Does your business serve a specialized customer base?
Wondering how to reach specific niche audiences with Facebook ads?
Explore a strategy for retargeting specialized audiences using Google ads in combination with Facebook ads.
Why Combine Google Ads With Facebook?
Early on, Shane and Jocelyn discovered a lot of the marketing advice available online didn’t work for educators like elementary school librarians, history teachers, and football coaches. Marketers with a business focus can target the Facebook page of Tim Ferriss, Gary Vaynerchuk, or somebody with a million followers, because their fans are all entrepreneurs.
However, when you sell something like Civil War battlefield crossword puzzles, it’s more difficult to find interested people on Facebook because that audience doesn’t typically like or follow a page that reflects that specific interest. You may be able to target and find teachers; however, their specialty could be algebra, and math teachers have no interest in librarians’ material.
Start where your customers are searching for solutions to their problem. Shane and Jocelyn use Google, but your customers may be elsewhere. For instance, if you sell guitar lesson plans, you may want to buy ads on a forum for guitar players.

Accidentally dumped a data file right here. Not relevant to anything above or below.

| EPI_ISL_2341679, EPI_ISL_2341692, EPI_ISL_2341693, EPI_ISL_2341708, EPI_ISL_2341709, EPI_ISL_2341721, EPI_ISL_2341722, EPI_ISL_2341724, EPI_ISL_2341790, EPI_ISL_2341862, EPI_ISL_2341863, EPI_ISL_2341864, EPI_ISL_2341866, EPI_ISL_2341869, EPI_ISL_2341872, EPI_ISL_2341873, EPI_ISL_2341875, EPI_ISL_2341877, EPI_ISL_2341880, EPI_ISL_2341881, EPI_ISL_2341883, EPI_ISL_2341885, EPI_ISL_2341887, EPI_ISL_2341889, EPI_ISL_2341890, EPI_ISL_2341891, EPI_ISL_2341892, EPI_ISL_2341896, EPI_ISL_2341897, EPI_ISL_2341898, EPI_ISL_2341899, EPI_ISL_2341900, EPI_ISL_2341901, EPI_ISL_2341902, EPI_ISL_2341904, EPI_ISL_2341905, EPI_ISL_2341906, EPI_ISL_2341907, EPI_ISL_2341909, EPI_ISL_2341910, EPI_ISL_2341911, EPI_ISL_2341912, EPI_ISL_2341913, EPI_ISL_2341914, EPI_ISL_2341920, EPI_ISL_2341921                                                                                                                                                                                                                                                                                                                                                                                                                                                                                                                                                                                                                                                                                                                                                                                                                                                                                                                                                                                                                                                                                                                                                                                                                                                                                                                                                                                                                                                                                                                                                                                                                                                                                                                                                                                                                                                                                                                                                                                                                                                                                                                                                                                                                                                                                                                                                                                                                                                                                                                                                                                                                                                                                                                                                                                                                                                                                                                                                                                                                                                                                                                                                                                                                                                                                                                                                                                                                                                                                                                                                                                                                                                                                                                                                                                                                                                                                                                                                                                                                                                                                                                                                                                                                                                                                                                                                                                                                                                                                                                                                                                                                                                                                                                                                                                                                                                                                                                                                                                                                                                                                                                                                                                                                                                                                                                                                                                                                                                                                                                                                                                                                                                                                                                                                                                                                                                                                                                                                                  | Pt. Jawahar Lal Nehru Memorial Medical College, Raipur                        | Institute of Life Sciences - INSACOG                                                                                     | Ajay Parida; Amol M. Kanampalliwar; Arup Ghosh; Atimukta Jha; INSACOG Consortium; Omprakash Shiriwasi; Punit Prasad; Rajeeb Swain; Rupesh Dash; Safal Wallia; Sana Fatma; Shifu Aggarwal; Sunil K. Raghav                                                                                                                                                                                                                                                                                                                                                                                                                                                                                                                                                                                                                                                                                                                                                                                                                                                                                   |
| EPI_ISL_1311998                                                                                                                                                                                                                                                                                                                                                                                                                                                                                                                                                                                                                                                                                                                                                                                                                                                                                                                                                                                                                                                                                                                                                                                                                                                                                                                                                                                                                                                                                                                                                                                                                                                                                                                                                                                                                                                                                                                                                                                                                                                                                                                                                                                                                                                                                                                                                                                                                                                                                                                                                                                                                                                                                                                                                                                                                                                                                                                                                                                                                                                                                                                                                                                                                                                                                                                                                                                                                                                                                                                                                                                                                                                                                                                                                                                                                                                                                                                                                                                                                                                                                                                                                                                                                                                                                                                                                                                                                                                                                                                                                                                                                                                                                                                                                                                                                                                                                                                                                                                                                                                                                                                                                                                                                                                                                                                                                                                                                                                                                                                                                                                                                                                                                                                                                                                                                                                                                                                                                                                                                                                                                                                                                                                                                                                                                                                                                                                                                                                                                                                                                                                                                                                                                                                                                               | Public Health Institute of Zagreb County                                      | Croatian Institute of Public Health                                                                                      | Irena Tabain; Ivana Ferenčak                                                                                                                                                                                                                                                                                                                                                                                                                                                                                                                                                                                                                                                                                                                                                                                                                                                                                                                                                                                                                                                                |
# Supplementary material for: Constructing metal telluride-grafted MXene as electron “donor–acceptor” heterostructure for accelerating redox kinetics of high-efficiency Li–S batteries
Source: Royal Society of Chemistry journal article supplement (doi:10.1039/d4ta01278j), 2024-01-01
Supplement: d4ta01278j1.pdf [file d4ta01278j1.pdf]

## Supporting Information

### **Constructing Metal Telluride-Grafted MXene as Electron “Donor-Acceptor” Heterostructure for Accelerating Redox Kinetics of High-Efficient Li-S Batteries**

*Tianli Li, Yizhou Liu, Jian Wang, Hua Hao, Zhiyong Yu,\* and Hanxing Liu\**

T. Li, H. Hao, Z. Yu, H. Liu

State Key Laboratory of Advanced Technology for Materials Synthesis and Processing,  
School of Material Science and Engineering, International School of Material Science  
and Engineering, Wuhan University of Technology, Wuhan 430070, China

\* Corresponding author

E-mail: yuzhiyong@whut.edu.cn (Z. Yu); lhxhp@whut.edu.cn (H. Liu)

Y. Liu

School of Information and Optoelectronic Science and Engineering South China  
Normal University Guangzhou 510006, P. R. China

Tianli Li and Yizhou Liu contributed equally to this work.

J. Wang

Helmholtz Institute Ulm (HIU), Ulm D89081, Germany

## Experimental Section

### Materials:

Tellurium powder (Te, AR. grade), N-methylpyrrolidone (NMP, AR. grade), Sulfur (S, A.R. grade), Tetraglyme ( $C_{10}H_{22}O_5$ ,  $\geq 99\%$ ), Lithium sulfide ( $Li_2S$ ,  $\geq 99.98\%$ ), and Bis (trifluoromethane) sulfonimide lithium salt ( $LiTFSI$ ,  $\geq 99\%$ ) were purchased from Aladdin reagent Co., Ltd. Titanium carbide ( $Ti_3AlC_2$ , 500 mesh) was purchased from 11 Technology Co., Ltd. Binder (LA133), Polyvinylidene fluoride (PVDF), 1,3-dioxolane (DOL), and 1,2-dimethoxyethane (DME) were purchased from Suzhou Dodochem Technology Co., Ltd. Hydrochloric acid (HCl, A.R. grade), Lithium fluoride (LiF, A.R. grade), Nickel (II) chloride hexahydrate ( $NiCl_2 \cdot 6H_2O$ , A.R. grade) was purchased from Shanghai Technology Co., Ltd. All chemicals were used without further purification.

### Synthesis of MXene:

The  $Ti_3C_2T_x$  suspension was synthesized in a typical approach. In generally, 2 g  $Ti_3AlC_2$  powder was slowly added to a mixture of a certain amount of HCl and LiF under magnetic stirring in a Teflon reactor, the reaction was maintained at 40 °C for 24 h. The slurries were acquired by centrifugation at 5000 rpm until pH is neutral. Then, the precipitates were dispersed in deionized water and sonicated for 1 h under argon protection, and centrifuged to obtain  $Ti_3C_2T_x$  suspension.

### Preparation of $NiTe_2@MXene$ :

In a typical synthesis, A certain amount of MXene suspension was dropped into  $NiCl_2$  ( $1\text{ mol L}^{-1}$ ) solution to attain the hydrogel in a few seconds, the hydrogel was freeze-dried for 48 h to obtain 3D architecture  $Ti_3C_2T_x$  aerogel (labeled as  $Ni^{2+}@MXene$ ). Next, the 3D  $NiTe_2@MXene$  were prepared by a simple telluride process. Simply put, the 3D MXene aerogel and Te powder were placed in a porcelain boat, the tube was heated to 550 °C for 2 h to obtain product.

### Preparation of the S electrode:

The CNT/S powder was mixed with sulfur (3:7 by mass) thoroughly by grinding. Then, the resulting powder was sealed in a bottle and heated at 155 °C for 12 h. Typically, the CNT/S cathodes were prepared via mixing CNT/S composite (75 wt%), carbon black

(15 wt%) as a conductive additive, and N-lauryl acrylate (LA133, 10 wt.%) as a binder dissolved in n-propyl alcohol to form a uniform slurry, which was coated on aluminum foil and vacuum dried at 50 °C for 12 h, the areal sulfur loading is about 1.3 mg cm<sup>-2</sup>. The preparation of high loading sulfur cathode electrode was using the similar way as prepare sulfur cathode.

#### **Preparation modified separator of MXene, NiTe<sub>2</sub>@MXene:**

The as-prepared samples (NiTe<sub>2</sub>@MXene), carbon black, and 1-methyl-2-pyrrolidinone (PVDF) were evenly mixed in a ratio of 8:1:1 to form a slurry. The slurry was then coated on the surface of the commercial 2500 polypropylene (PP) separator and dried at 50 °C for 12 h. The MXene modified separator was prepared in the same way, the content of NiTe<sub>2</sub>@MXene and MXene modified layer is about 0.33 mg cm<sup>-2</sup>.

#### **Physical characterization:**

In Google, set up an ad based on your target keywords. The plan is to drive traffic to a page where you give something away. In your ad, offer something to solve people’s immediate search problem and emphasize that the item is free. On the giveaway page, eliminate any friction for getting the promised item.
How to Research Keywords
The power is in long-tail keywords. You need to be very specific.
Teachers looking for Civil War lesson plans can’t simply search for “Civil War.” A lot of people look up the Civil War online, so Shane needs keywords that exclude people with a general interest in the topic and zero in on teachers looking for classroom materials. He uses keywords like “Civil War crossword puzzle” or “Abraham Lincoln worksheet.”
Similarly, a football coach can’t just use “football,” because that will generate results for football fans. To find coaches, Shane uses keywords such as “quarterback footwork drills” or “defensive back drills.”
The Next Step on Facebook
The Facebook ads should be designed to give your avatar the next step in whatever product you’re selling in exchange for an email address. So you need to know their calendar.
For example, after teachers cover the Civil War, they’ll likely teach the Spanish-American War or World War I. They’ll see an ad that says something like, “You just had a great time with our Civil War lesson. Click here to get a free World War I lesson plan.” They need to opt in to get it. Then Shane can let his internal email autoresponder sell them his yearlong program.
The content flow will depend on the niche. An entrepreneur may send out a goal-setting guide in January and follow up with a sales funnel course to help readers reach their business goals.